Therefore, the Fort Canning Tunnel was not justified by traffic benefits alone, but to realize other benefits for the public and in optimising land use for the area. When constructing the tunnel, the Land Transport Authority (LTA) chose the method of tunneling that would cause the least disturbance to the surroundings and saved about 35 trees, including an iconic 50-year old Terap tree.

Since its opening in January 2007, the Fort Canning Tunnel has served its objectives. Traffic has been diverted from Stamford Road, and public buses can now ply smoothly with minimal delays at junctions. With the narrowing of Stamford Road from four to three lanes, pedestrians too have a better walking experience in the area.

It is difficult, if not impossible, to attach a dollar value to heritage landmarks and national icons when evaluating the costs and benefits of a project. We are mindful to adopt a balanced approach by taking into consideration both the tangible and intangible aspects of projects. Decisions are not made on monetary costs and benefits alone. The preservation of heritage landmarks and national icons has always been an important consideration in our planning process, and will continue to be so going forward.

In an interview with Channel News Asia published in February 2015, URA’s Chief Planner Lim Eng Hwee answered the question of whether were there any “planning mistakes” and what has been done to rectify them.

I am not sure if this is a mistake. Often you make certain decisions in the context of the situation at that point in time. One particular area is perhaps in the area of conservation. For obvious reasons, in the 60s and 70s, we were faced with huge challenges – unemployment, the acute housing shortage, and the city centre was so crowded.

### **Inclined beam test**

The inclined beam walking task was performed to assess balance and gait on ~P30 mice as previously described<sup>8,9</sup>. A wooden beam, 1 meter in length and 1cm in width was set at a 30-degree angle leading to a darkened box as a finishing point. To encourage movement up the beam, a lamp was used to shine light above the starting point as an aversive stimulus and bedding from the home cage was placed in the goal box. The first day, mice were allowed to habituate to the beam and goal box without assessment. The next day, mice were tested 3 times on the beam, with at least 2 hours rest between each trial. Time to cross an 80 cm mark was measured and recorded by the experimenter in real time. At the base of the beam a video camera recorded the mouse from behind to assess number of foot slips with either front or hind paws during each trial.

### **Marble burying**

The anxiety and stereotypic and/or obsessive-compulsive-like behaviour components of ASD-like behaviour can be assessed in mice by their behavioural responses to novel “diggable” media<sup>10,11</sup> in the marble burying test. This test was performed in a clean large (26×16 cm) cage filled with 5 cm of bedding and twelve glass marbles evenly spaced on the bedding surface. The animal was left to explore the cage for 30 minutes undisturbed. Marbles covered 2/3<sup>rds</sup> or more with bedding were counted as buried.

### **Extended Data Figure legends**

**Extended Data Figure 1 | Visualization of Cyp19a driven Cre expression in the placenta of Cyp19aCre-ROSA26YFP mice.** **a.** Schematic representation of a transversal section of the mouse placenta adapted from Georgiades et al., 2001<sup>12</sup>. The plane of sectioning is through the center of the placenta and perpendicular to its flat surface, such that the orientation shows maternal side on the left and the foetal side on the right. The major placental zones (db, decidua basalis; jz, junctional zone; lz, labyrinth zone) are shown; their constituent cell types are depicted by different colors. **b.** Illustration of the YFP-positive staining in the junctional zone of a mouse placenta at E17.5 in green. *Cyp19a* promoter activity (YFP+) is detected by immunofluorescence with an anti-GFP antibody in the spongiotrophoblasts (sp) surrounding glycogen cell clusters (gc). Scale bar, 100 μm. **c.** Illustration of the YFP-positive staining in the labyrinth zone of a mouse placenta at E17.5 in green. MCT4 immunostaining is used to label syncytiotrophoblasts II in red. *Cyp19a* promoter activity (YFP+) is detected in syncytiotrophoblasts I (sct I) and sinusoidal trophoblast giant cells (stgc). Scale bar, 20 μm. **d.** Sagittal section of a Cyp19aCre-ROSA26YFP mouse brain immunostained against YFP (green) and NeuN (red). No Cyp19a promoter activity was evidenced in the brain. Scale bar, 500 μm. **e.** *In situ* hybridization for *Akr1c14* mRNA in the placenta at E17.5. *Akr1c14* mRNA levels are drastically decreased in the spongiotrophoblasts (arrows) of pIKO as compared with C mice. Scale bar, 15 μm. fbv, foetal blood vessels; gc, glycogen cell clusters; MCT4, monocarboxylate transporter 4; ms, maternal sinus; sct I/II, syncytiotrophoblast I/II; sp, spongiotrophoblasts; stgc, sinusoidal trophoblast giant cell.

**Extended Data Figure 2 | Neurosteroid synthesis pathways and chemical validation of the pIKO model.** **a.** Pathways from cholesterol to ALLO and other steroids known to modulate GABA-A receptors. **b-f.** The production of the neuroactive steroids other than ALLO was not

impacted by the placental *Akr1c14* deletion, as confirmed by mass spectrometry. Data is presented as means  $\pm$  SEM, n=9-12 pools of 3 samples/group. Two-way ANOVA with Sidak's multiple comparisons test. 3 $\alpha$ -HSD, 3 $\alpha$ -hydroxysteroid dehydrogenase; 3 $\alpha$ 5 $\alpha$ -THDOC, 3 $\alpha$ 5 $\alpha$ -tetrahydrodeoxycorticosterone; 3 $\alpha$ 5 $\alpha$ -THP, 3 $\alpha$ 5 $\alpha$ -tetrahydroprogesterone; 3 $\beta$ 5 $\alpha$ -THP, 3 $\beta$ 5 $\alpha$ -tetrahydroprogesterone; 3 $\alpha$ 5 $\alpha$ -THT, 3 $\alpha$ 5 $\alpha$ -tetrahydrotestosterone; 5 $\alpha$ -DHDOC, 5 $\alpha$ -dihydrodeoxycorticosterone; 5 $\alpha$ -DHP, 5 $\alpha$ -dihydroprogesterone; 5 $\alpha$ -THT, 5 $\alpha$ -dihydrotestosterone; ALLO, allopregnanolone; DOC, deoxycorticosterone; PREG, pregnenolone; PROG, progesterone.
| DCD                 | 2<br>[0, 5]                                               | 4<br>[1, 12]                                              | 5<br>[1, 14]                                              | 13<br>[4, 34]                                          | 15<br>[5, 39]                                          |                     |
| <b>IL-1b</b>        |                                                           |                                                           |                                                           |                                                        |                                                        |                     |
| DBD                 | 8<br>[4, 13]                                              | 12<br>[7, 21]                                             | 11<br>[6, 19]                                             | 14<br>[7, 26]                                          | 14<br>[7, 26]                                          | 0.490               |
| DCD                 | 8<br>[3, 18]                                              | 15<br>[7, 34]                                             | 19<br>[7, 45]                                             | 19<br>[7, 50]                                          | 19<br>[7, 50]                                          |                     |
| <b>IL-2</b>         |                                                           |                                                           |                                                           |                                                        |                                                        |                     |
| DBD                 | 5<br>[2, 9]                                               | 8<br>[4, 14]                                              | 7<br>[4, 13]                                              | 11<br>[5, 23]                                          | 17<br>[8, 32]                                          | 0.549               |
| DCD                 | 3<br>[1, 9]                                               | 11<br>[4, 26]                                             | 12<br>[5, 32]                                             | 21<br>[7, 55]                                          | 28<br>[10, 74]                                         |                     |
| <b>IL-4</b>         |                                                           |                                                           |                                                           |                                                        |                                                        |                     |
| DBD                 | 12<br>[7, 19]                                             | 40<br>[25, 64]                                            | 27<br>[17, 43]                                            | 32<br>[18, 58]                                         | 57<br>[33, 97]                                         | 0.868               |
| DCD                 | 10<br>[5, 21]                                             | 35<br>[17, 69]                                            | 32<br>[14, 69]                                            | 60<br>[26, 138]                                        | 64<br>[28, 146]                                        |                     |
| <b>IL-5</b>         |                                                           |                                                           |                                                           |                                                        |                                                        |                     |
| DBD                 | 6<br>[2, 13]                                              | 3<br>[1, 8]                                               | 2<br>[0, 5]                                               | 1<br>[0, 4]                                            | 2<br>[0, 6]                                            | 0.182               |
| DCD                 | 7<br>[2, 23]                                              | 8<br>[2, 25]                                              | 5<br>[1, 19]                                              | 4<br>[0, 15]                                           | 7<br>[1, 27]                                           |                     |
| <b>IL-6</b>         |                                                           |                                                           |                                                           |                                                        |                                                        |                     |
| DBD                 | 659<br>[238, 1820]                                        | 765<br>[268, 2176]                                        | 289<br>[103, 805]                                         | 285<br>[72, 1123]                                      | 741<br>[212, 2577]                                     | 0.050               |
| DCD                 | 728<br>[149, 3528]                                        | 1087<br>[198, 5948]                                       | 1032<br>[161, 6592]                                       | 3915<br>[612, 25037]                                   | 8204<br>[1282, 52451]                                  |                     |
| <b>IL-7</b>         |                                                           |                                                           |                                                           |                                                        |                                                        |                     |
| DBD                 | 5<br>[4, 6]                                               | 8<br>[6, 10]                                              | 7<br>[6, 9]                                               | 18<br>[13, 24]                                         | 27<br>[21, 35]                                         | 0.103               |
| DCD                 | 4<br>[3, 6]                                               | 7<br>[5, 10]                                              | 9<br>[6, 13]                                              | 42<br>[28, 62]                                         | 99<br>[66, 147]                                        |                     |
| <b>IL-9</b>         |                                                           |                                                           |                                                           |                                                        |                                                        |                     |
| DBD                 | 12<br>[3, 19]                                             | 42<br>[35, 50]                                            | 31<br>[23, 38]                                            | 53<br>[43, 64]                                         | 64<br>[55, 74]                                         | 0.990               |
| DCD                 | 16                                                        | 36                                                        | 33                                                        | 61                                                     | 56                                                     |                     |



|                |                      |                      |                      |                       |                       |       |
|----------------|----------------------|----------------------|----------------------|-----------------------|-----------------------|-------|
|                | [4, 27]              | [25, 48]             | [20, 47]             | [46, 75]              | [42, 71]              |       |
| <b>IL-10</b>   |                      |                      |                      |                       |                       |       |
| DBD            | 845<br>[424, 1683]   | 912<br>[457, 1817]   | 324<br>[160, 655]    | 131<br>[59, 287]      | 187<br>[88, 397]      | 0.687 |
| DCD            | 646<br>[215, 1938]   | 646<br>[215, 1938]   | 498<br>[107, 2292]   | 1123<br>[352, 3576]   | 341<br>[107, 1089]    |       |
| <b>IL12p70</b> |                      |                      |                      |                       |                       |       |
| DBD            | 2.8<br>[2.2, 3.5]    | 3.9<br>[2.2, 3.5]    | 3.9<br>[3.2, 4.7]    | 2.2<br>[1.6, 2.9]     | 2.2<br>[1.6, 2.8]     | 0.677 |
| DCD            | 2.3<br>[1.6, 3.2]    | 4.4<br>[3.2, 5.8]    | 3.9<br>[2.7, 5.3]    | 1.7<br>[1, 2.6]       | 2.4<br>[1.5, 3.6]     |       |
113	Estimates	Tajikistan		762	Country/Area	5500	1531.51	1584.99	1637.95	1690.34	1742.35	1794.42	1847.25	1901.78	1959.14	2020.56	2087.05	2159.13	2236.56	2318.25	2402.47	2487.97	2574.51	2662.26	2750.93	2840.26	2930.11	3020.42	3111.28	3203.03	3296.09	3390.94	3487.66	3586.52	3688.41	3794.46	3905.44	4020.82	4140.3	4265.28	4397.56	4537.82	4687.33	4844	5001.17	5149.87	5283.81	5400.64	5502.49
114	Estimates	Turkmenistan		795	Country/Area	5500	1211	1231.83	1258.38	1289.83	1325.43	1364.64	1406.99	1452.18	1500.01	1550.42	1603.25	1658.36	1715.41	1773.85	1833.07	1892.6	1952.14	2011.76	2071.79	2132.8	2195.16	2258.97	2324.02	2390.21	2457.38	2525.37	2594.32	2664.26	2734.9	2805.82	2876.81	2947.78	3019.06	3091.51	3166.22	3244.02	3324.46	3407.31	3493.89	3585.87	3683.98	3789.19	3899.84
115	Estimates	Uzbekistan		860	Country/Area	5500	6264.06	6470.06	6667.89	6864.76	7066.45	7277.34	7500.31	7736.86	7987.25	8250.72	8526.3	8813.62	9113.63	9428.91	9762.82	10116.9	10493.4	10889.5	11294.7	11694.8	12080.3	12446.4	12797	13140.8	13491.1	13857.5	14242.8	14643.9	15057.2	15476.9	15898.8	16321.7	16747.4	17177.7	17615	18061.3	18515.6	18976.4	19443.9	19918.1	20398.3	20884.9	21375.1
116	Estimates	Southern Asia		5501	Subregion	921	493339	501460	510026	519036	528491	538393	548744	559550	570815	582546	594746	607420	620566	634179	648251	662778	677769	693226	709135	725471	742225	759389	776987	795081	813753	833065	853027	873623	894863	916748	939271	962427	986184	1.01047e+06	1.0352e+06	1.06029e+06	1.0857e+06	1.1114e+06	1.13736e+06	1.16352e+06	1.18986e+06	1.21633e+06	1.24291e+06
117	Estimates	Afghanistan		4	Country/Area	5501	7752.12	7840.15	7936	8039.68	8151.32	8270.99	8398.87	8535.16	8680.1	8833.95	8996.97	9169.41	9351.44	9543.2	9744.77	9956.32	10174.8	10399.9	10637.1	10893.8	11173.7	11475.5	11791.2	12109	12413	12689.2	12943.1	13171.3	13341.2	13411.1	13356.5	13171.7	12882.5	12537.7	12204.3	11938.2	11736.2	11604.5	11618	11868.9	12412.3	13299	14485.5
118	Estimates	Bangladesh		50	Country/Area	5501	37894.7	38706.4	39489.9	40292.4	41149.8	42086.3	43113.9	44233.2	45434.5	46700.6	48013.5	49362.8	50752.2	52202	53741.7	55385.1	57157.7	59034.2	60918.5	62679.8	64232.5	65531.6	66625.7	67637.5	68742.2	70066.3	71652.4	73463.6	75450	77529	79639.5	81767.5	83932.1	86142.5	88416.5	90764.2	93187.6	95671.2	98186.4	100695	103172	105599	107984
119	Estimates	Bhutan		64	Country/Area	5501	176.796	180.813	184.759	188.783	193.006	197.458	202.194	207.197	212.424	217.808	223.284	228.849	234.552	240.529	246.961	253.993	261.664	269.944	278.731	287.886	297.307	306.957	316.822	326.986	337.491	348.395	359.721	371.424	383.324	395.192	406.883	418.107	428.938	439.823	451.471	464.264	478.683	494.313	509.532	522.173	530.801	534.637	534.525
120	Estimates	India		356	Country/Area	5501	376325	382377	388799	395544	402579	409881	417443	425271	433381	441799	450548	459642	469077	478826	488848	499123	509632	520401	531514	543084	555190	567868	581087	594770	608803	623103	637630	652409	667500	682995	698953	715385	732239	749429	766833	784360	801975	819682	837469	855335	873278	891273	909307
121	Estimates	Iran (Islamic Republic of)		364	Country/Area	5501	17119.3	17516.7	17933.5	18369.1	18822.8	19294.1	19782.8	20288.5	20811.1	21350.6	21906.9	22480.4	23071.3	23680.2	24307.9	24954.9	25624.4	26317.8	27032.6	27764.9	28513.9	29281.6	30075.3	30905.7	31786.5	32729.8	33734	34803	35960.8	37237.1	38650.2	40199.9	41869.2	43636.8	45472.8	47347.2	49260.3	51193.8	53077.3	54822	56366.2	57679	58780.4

The focus was not on whether heritage buildings should be conserved. So you see a lot of massive, comprehensive redevelopment, where so many old buildings were removed. Looking back in hindsight of course, we say some of these unique buildings ought to be kept.

Starting from the 80s, the planners and the decision makers at that point in time started to think about whether we should start to retain these heritage buildings which are important anchors for future generations. The buildings will provide a link for them to identify with their past. So the conservation journey really started in the 80s.

Having kept these buildings is not enough. Having retained them, I think we should now think about how can we help people to understand more of the history behind these buildings. We have to encourage people to start talking about the buildings, and share their personal stories so that the younger generation, when they look at the building, they understand the history behind them. I would not think that the decision made then to demolish the buildings as mistakes – it is really contextual.